Obels for Charon


On the last day of her life, your mother went on a spending spree. I intubated her at around 9AM and for the rest of the day we threw money at her, successfully keeping her alive until about dinner-time when her liver cancer finally had enough, gave us the finger, and showed us who was really in charge. It was not a pretty death, but then I knew it wasn’t going to be when I only just managed to jam the breathing tube through her vocal chords before they were obscured by blood and other unwholesome-looking fluids. Still, over the course of a very interesting day she got an expensive bronchoscopy , five or six lab draws, a central line, an arterial line, three units of blood, a chest x-ray, continuous nursing, pumps, fluids, two consults, monitors, blinking lights, and the usual buzzes and beeps.

We did everything but put a coin under her tongue for the Ferryman which, considering the outcome, would have been just as cost-effective.

The next time, please pay attention to what we have to say when we have “The Talk” like we did two weeks ago to tell you that your mother had passed beyond the limits of our abilities and all we could really hope to do was to ease her suffering as she died. Unfortunately, as we live in an egalitarian age which worships your autonomy, when you seemingly ignored our advice and said, “Do whatever it takes,” our hands were tied and we committed ourselves to two weeks of slowly torturing a dying woman. I understand how you feel about your mother. I have a mother too but you can’t have really wanted this. We coded and shocked her, what? three times in the last eight hours? It had to have hurt her the first time when there was actually something of your mother to bring back. After that, well, I just don’t know.

Not all life is priceless. Not even your mothers. When you said, “Do whatever it takes,” what you really meant was, “Do whatever it takes as long as I’m not paying for it.” But there are very real costs associated with medical care and somebody is paying them. I don’t mean to lay this burden on you but since you want the autonomy to make medical decisions, you need to have all of the facts. Would you have ignored our advice if you had to mortgage your house to pay for your mother’s last two weeks of futile care?

Medical care, like most resources, is scarce and there’s never going to be enough to go around. Somebody has to decide how it’s going to be allocated and for better of worse we seem to have elected you even though you seemingly have no interest or incentive in the matter.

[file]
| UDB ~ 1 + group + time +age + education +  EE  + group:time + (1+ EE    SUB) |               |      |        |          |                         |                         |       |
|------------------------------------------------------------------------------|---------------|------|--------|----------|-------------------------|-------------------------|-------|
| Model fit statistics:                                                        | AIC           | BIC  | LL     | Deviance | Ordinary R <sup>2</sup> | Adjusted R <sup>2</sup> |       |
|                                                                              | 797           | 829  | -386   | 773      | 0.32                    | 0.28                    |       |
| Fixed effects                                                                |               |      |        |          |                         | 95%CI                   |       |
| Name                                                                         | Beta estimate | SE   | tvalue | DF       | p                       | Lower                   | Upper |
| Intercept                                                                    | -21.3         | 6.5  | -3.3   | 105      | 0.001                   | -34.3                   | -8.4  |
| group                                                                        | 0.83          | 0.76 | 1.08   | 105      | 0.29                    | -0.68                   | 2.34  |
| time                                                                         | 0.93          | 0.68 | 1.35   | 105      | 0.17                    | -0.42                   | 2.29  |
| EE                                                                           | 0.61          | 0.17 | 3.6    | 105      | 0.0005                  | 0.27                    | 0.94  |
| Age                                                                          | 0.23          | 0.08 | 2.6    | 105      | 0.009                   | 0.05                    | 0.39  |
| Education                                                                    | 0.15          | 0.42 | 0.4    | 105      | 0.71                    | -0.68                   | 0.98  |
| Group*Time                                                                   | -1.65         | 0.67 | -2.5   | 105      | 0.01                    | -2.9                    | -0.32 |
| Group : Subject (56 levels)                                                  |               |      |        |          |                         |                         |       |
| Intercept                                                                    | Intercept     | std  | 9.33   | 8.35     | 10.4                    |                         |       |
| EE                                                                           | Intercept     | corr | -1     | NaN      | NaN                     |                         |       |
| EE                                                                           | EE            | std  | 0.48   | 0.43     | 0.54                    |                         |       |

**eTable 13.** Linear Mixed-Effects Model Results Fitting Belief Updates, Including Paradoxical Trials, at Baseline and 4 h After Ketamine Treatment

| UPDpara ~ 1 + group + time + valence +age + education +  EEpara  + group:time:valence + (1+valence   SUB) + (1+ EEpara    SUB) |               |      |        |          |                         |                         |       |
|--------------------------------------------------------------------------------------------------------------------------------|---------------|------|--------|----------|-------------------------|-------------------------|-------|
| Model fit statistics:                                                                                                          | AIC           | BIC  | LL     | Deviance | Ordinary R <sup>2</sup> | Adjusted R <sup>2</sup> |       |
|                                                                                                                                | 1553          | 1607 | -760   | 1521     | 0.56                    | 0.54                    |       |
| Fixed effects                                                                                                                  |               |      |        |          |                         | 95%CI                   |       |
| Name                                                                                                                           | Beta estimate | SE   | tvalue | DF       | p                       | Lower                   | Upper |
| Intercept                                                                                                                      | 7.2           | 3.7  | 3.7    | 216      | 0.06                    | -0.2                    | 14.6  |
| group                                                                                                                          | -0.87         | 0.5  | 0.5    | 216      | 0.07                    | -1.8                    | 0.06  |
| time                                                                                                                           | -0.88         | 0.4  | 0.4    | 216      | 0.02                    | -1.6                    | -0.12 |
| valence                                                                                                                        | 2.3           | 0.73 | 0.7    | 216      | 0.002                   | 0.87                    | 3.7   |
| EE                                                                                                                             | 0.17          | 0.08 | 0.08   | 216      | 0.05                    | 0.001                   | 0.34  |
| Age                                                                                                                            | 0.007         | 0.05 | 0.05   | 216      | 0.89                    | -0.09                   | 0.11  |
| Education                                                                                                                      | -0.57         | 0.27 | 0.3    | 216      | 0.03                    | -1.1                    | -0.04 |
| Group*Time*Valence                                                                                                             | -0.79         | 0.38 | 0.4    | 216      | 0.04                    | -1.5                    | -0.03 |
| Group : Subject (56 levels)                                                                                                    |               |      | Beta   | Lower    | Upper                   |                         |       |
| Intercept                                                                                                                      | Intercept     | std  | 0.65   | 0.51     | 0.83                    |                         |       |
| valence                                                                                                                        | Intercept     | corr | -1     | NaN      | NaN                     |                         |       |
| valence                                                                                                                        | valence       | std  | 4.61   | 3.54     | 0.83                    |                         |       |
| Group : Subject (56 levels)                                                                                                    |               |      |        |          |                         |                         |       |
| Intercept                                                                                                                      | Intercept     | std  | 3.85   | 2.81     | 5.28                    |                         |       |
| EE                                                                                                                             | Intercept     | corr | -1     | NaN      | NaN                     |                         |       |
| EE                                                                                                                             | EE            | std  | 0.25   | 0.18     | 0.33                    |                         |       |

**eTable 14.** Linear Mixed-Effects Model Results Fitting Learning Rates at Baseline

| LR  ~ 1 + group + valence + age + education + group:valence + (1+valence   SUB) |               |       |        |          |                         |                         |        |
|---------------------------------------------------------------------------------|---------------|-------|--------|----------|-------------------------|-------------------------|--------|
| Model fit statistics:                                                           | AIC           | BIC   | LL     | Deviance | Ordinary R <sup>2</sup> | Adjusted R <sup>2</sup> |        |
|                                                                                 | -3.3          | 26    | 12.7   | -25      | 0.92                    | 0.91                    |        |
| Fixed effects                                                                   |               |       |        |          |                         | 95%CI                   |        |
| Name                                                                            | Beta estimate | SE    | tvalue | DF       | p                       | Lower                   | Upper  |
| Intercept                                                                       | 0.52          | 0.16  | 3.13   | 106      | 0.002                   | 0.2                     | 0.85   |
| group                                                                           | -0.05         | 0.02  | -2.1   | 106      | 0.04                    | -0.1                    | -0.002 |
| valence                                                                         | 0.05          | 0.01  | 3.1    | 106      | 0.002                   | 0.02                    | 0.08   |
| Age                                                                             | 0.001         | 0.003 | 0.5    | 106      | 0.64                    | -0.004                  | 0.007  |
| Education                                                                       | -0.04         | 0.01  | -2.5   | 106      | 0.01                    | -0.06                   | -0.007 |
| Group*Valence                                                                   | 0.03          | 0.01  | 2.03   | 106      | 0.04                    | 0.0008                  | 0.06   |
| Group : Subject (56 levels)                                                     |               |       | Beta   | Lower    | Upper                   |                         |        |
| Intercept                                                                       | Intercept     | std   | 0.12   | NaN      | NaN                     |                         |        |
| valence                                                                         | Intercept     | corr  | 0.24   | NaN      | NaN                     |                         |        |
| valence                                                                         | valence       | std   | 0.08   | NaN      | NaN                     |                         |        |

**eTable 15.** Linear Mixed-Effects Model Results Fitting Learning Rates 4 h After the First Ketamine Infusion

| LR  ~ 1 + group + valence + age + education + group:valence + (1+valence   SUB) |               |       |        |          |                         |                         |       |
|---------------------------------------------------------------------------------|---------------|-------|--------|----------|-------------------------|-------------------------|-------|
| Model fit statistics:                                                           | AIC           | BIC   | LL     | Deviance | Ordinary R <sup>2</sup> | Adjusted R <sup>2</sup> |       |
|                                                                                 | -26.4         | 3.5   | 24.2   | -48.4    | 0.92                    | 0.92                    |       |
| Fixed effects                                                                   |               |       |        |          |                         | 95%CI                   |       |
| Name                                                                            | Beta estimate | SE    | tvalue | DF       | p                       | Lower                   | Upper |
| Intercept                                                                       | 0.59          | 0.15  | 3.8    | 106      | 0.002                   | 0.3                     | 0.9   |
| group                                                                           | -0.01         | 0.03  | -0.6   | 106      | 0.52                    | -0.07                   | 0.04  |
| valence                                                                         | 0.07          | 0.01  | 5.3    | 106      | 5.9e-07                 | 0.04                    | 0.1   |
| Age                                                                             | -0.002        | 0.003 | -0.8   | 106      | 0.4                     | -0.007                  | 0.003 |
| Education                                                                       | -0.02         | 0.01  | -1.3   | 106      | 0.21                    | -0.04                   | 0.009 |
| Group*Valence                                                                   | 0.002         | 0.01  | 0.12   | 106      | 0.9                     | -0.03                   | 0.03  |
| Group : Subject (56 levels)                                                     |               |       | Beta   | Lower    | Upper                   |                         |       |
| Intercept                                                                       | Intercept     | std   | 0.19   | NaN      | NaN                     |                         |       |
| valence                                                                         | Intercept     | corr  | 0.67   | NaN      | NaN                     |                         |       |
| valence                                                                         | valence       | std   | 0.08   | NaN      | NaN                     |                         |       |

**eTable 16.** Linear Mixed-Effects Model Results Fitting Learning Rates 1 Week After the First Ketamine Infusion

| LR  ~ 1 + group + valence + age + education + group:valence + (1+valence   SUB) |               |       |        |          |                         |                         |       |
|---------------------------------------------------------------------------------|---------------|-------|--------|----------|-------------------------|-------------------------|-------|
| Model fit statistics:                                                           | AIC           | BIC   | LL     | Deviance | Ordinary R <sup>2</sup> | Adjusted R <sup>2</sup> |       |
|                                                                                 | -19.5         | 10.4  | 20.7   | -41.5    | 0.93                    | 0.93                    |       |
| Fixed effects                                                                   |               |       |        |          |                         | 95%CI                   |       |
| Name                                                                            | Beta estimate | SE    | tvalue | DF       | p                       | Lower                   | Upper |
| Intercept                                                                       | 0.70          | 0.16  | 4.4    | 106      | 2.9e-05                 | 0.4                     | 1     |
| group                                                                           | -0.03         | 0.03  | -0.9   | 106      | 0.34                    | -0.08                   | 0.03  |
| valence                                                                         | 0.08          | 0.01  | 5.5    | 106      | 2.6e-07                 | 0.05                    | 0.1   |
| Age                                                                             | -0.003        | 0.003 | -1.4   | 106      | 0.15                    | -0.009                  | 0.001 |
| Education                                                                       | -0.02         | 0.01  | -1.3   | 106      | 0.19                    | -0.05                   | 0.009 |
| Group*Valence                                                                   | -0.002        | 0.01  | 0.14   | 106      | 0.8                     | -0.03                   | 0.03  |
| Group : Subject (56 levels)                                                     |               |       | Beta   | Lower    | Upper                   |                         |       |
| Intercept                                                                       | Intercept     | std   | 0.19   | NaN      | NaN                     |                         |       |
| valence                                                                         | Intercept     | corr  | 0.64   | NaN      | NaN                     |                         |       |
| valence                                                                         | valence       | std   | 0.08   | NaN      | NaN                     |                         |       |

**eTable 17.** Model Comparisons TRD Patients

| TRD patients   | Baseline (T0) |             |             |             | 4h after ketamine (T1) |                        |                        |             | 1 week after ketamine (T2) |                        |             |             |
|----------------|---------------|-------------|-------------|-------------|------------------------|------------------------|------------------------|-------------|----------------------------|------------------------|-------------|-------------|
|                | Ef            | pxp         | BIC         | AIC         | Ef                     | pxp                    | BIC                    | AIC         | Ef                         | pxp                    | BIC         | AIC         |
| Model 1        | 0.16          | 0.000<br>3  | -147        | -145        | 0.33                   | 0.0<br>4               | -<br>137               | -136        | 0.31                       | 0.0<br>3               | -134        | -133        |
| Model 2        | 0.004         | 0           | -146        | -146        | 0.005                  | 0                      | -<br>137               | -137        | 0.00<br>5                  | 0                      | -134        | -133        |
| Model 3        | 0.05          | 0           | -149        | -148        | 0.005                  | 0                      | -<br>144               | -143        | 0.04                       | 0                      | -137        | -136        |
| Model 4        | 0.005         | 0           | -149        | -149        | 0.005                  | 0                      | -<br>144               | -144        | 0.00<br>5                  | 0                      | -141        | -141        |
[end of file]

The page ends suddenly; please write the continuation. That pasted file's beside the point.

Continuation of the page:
I don’t think you made a good choice here. That’s all. Medical care is for the living. Your mother needed hospice and maybe to die at home peacefully.

This doesn’t mean I don’t think we should spend money on the critically ill. I don’t know how much a year or two of life is worth and we certainly get sick but otherwise highly functional patients who we can return to a happy and meaningful life. I’d hate to make that kind of decision based on simple economics, assessing the value of a year with actuarial exactitude and making decisions accordingly. On the other hand there is a difference between critical care and futile care. Maybe I can’t define the exact line separating the two but I know the difference when I see it. Perhaps you were too emotionally involved to make the distinction and it was unfair to leave it up to you. It’s hard to let go, especially as the popular culture has conditioned us to expect medical miracles although I don’t know what you were expecting with your mother. The eventual outcome had never really been in doubt and you knew perfectly well that you mother was not going to be leaving the hospital this time.

When I pronounced you mother and closed her eyes for the last time, the ancient stillness of the tomb was deafening.

15 thoughts on “Obels for Charon

  1. Just a questioning med student here.
    During lecture in my second year, I thought I remember them telling us that docs are not required to do anything that they think is futile just because the family asks. Is that not true? Where is the line drawn? Certianly, a doc is not required to transfuse a brain-dead (yes, I know – brain-dead is dead, but think colloquially here please) patient just because her Hgb drops to 4 even in the family wants it done. I know this is an extreme example. Hence, the sescond question above. Your thoughts?

    Also, I think the new page has a nice look.

  2. Hey Panda Bear,

    Great stuff. You have leaped to the top of my favorite blog list (don’t tell poor Gruntdoc).

    I do have a quibble. You wrote, “assessing the value of a year with fiduciary exactitude” and I suspect you meant to say actuarial exactitude. The reason I bring up such a petty point is that I was recently impressed by Joe Lex’s comments about the physician patient relationship being a fiduciary one. If anyone is interested and has access to emedhome.com the podcast Nofreelunch by Dr. Lex is highly recommended.

  3. Howdy Panda,

    Wanted to de-lurk for a second to let you know how good I thought the new site is. I’m a second year med and your articles over the last year have given a ton of laughs and a ton of insight. Thanks for taking the time to do this, despite your schedule. I know it’s got to feel like hell sometimes but the time you take to pass wisdom down to the up and commers is damn sure appreciated. Thanks, bro.


  4. Panda, another great post. Torturing sick people is not the main reason I went into medicine. But why drop your USMC id from the site? I enjoy it every time I visit. Take care and keep up the good work. rural_obgyn and mom of LCPL in Iraq